In a longitudinal population-based study of 2,905 children, we investigated if infants' neuromotor development was associated with autistic traits in childhood. Overall motor development and muscle tone were examined by trained research assistants with an adapted version of Touwen's Neurodevelopmental Examination between ages 2 and 5 months. Tone was assessed in several positions and items were scored as normal, low, or high tone. Parents rated their children's autistic traits with the Social Responsiveness Scale (SRS) and the Pervasive Developmental Problems (PDP) subscale of the Child Behavior Checklist at 6 years. We defined clinical PDP if scores were >98th percentile of the norm population. Diagnosis of autism spectrum disorder (ASD) was clinically confirmed in 30 children. We observed a modest association between overall neuromotor development in infants and autistic traits. Low muscle tone in infancy predicted autistic traits measured by SRS (adjusted beta=0.05, 95% CI for B: 0.00-0.02, P=0.01), and PDP (adjusted beta=0.08, 95% CI for B: 0.04-0.10, P<0.001). Similar results emerged for the association of low muscle tone and clinical PDP (adjusted OR=1.36, 95% CI: 1.08-1.72, P=0.01) at age 6 years. Results remained unchanged if adjusted for child intelligence. There was no association between high muscle tone and SRS or PDP. Exclusion of children with ASD diagnosis did not change the association. This large study showed a prospective association of infant muscle tone with autistic traits in childhood. Our findings suggest that early detection of low muscle tone might be a gateway to improve early diagnosis of ASD.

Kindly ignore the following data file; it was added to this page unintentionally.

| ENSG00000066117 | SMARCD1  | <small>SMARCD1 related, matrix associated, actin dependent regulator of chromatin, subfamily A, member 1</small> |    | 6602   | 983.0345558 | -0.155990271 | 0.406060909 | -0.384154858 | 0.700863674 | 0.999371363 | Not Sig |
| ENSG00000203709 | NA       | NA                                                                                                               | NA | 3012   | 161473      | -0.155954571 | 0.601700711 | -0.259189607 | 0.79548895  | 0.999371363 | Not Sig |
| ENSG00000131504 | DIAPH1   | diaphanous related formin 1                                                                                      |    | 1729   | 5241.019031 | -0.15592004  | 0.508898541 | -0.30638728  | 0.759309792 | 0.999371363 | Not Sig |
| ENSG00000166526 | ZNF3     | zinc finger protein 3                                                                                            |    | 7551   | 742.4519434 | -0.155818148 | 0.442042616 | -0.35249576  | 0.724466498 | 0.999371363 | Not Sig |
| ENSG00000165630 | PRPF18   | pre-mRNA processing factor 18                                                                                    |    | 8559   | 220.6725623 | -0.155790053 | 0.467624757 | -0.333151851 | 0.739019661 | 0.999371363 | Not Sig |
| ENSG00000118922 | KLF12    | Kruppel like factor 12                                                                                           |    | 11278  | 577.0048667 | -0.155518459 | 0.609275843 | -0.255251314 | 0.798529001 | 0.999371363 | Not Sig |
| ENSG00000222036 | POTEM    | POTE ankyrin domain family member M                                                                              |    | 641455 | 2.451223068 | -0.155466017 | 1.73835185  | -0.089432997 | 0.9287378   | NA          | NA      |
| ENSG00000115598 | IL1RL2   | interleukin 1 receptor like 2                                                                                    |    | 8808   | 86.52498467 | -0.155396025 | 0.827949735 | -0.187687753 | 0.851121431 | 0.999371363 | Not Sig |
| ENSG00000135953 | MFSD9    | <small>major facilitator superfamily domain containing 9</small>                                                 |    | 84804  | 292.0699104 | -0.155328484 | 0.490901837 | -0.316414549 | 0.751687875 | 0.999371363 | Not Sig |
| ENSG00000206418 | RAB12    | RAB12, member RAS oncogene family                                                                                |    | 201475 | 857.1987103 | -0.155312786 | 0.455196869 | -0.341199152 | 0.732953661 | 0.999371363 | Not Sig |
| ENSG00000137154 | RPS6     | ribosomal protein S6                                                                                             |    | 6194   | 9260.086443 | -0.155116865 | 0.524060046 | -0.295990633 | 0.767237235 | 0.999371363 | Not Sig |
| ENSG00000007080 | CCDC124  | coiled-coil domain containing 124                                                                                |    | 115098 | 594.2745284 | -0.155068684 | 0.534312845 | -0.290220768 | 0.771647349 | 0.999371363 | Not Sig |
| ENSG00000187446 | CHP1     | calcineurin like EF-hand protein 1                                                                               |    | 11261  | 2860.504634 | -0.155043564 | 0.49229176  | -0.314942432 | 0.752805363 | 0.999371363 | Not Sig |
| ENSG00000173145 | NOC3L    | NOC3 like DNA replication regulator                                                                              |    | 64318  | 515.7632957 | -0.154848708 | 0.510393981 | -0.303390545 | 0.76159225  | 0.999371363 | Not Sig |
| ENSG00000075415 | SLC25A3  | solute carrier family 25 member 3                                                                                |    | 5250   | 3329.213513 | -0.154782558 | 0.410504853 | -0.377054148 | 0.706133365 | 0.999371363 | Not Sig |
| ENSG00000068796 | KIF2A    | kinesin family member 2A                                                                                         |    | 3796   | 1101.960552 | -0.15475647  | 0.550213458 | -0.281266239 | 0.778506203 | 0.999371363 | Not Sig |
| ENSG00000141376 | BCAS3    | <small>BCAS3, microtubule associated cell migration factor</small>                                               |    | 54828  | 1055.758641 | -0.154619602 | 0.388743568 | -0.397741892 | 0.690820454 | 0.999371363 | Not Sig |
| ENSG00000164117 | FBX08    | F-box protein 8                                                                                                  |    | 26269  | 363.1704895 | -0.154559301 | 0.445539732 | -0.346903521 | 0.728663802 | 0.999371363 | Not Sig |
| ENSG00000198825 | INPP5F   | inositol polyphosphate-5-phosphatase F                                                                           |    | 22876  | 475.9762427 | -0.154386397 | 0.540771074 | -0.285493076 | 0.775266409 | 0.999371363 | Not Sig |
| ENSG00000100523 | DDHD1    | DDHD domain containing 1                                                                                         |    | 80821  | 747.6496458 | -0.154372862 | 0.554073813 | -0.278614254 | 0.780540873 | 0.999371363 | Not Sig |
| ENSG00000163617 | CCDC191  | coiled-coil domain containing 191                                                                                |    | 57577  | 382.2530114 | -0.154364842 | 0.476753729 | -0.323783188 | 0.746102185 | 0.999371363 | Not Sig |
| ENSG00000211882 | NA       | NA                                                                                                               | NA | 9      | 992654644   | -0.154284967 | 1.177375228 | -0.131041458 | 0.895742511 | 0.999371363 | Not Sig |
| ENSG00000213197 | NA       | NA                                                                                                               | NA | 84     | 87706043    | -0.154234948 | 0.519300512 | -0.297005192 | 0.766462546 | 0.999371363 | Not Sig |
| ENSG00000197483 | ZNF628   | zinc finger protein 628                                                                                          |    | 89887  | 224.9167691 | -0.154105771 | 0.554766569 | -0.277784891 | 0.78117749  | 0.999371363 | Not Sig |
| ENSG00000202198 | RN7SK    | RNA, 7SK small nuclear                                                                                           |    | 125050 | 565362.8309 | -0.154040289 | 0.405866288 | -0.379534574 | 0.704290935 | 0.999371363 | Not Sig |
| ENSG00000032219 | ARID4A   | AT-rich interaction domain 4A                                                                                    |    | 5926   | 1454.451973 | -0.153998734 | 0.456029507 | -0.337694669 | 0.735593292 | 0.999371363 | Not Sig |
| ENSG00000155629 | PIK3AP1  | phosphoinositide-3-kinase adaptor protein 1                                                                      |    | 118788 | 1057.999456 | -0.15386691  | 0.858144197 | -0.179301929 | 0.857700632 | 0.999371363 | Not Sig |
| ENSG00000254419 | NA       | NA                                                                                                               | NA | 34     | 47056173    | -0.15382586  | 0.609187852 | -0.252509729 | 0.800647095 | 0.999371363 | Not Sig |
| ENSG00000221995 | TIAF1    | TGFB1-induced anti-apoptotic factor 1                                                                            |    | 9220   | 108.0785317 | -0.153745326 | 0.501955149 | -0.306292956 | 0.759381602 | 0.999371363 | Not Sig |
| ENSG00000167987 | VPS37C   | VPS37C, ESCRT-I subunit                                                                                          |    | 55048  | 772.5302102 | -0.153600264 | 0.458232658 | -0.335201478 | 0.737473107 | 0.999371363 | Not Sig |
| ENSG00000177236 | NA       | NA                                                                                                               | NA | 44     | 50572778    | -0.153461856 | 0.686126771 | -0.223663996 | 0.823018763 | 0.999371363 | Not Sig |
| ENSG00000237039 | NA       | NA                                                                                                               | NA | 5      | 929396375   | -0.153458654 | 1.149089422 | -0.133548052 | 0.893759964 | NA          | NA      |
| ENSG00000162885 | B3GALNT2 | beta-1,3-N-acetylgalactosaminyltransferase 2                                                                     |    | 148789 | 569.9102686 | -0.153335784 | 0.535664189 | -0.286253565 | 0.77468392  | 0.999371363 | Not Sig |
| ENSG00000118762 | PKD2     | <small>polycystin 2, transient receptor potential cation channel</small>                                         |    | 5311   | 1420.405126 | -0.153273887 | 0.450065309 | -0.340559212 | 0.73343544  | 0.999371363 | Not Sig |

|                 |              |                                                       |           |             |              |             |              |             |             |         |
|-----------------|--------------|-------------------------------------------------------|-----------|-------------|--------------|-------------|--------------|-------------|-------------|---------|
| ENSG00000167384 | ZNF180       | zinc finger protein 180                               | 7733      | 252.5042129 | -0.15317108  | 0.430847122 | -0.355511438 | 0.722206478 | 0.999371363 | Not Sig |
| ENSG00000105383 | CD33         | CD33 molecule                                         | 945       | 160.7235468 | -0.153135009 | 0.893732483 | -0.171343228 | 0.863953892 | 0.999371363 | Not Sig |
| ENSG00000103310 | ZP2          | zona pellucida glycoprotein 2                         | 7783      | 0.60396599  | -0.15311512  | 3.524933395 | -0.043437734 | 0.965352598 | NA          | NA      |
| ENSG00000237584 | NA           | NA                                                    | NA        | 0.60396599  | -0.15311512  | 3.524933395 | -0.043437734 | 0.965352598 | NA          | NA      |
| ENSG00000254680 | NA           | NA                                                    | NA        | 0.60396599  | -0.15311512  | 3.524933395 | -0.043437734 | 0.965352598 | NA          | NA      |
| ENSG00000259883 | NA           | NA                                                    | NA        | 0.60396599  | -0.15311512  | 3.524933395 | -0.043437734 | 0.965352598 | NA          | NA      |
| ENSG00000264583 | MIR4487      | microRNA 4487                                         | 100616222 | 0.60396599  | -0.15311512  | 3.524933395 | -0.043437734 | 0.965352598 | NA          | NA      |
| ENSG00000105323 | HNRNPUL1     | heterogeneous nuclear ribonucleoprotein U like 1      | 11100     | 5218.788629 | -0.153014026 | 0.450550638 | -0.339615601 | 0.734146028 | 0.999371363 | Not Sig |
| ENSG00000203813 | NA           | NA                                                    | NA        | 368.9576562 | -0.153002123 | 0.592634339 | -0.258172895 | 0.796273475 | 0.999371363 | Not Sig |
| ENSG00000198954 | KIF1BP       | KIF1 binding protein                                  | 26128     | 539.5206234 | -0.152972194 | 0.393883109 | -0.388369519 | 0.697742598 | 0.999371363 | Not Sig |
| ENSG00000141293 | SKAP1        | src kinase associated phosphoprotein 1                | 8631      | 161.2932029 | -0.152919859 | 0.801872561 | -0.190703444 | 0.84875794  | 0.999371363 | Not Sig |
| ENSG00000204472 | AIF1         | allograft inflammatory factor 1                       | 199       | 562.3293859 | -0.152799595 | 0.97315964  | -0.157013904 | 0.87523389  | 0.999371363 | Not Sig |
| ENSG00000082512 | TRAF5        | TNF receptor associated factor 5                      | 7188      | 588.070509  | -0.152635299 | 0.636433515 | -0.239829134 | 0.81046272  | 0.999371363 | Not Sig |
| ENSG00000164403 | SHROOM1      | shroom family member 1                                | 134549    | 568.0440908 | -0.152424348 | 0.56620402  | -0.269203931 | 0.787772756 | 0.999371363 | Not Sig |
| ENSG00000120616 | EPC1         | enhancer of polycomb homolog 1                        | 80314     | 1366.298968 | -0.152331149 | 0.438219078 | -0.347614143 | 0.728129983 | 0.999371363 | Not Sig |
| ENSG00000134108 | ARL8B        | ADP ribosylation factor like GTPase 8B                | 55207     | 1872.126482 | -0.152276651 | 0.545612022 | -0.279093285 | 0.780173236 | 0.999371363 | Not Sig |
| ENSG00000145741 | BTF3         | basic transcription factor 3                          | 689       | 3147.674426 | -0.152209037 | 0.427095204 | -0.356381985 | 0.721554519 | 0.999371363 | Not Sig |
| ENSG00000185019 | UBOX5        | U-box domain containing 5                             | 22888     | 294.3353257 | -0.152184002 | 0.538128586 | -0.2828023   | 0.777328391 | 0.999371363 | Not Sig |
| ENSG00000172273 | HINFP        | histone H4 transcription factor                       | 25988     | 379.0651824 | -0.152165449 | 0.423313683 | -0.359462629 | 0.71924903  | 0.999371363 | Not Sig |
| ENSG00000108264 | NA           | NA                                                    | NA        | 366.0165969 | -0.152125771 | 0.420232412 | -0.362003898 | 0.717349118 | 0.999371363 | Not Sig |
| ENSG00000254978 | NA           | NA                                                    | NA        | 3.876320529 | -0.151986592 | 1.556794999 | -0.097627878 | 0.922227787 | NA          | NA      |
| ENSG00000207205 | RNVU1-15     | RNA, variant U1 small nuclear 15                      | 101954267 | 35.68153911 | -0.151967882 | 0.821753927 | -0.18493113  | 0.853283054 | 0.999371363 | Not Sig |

Additional Metadata
Keywords Autism spectrum disorder, Autistic traits, Infant muscle tone, Prospective
Persistent URL dx.doi.org/10.1002/aur.1739, hdl.handle.net/1765/98027
Journal Autism Research
Citation
Serdarevic, F, Ghassabian, A, van Batenburg-Eddes, T, White, T.J.H, Blanken, L.M.E, Jaddoe, V.W.V, … Tiemeier, H.W. (2017). Infant muscle tone and childhood autistic traits: A longitudinal study in the general population. Autism Research, 10(5), 757–768. doi:10.1002/aur.1739